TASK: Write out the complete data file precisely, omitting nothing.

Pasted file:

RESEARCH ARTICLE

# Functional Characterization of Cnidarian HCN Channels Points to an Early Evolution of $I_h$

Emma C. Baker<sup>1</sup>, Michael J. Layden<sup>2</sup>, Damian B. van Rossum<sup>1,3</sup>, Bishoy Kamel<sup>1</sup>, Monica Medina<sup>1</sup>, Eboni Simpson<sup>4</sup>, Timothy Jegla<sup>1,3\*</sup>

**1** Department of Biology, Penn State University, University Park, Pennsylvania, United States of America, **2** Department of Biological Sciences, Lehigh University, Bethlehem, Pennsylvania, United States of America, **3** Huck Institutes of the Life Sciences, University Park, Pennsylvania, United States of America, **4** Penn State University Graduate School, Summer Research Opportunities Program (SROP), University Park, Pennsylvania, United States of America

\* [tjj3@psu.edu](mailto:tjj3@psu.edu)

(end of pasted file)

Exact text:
RESEARCH ARTICLE

# Functional Characterization of Cnidarian HCN Channels Points to an Early Evolution of $I_h$

Emma C. Baker<sup>1</sup>, Michael J. Layden<sup>2</sup>, Damian B. van Rossum<sup>1,3</sup>, Bishoy Kamel<sup>1</sup>, Monica Medina<sup>1</sup>, Eboni Simpson<sup>4</sup>, Timothy Jegla<sup>1,3\*</sup>

**1** Department of Biology, Penn State University, University Park, Pennsylvania, United States of America, **2** Department of Biological Sciences, Lehigh University, Bethlehem, Pennsylvania, United States of America, **3** Huck Institutes of the Life Sciences, University Park, Pennsylvania, United States of America, **4** Penn State University Graduate School, Summer Research Opportunities Program (SROP), University Park, Pennsylvania, United States of America

\* [tjj3@psu.edu](mailto:tjj3@psu.edu)